Our day in La Paz was really special. Lauren took me to meet her host family from her time as a Peace Corps trainee. Doña Petrona, her host mom, and her family were so kind and warm, it was easy to see how Lauren had stayed so close with them even two years later. I learned that Petrona had pulled herself and her family out of poverty when she was a young single mom, and that she told other young women her story in hopes that she could inspire them to do the same. Petrona’s family and extended family were equally as gracious as she was, and Lauren took me on a tour of the little town where she spent her first three months in country. We went to Petrona’s son’s house and sat and visited with his family and neighbors who were passing through. We followed a festive church parade that was walking around the town in honor of a Catholic holiday that I wasn’t familiar with. I learned about bombas, which are very loud firecrackers, without any of the pretty lights. Our day in La Paz was one of my favorite parts of my trip. It was a new experience for me to spend time in another country, very different from my own, and just be in the community. I was doing what the locals did, eating what the locals ate, just spending a Sunday afternoon socializing, visiting, talking–just going with the flow of the day.
Even though my time in La Paz was brief, I was sad to go. Petrona’s sons had been very adamant about me not wasting any opportunity to learn Spanish, and I was really touched by both their pride in their language and their country, and their effort to share their language with me. But alas, it was already Sunday night, and my classmates and professor from Worcester were about to arrive.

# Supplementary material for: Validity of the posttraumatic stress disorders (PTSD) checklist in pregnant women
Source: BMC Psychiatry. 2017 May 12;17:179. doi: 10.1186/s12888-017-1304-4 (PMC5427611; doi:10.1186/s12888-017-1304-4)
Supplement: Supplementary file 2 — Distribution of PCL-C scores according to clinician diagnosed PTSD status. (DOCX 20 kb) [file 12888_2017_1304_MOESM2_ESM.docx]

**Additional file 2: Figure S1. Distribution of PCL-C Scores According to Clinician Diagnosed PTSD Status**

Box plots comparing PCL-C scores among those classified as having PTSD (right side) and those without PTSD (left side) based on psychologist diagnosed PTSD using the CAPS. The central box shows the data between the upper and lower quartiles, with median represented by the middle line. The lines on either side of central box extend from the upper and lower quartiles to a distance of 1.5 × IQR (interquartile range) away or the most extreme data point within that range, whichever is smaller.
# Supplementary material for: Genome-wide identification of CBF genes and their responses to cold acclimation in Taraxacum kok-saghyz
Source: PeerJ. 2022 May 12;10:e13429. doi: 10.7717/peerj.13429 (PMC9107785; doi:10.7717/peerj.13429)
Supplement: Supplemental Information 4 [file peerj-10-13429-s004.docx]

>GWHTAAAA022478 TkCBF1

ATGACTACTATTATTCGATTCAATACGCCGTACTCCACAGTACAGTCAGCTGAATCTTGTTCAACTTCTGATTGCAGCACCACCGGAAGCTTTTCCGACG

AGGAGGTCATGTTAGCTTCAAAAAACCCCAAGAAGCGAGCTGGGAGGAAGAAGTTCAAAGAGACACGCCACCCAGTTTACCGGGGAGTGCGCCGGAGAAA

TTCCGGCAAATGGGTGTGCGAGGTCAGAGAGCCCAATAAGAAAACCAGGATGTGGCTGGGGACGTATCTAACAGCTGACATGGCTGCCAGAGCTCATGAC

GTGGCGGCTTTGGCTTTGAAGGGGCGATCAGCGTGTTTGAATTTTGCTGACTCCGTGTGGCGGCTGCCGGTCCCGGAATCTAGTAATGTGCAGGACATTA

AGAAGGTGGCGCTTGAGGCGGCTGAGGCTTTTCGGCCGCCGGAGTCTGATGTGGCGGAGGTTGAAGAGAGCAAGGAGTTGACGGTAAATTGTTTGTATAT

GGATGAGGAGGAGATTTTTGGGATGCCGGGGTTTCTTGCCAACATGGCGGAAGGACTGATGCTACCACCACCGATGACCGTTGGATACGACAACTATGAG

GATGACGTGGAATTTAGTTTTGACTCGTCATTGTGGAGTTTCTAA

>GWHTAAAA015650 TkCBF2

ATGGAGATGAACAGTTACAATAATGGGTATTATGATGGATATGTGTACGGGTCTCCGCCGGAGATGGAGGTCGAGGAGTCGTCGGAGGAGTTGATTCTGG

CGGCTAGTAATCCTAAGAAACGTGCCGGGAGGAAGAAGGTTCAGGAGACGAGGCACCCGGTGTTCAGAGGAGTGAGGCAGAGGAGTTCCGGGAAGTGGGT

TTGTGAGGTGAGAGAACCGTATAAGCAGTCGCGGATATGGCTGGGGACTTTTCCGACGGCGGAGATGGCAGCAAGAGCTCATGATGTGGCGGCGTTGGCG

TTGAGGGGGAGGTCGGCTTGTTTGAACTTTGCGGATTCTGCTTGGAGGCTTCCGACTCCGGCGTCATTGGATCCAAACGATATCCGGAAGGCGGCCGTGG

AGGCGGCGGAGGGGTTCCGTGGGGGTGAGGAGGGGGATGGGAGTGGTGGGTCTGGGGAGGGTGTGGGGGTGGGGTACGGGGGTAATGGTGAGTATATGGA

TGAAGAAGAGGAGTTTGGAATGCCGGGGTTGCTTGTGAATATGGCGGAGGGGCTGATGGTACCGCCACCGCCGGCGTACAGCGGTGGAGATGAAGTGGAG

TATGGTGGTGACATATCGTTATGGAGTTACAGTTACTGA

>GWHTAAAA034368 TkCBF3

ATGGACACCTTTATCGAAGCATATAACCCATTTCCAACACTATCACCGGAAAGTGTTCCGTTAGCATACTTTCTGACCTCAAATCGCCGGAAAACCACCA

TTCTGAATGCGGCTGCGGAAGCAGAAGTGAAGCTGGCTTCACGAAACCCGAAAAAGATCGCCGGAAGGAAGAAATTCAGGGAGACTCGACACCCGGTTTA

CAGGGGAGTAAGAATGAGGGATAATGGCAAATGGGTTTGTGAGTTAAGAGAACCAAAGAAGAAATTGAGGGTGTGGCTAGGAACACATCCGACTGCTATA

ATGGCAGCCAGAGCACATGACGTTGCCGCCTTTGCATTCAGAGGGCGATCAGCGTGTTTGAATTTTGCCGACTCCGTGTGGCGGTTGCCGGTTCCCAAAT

For the next five days, my school group and I spent our days at Tesoros de Dios. Tesoros de Dios is a ministry in Managua that serves over 80 children with disabilities and their families. The school and clinic are staffed with physical therapists and special educators who are as good as they come. These women get a good salary and a compassionate work environment in return for their unconditional affection for the kids they work with. We were there to assist with the therapy and to learn about the work they do with the kids. Most of the kids had cerebral palsy, and they ranged in age from two to around 15 years old. Our time at Tesoros was a very unique experience. It was interesting to learn about how Nicaraguan culture views disability (not too positively) and to see how the mothers managed the care of their children on a day-to-day basis, without many of the services that we take for granted here in the United States. You’ve got to give huge credit to these women. They do such an outstanding job of taking great care of their kids, in spite of minimal resources and a lack of social support from the greater community.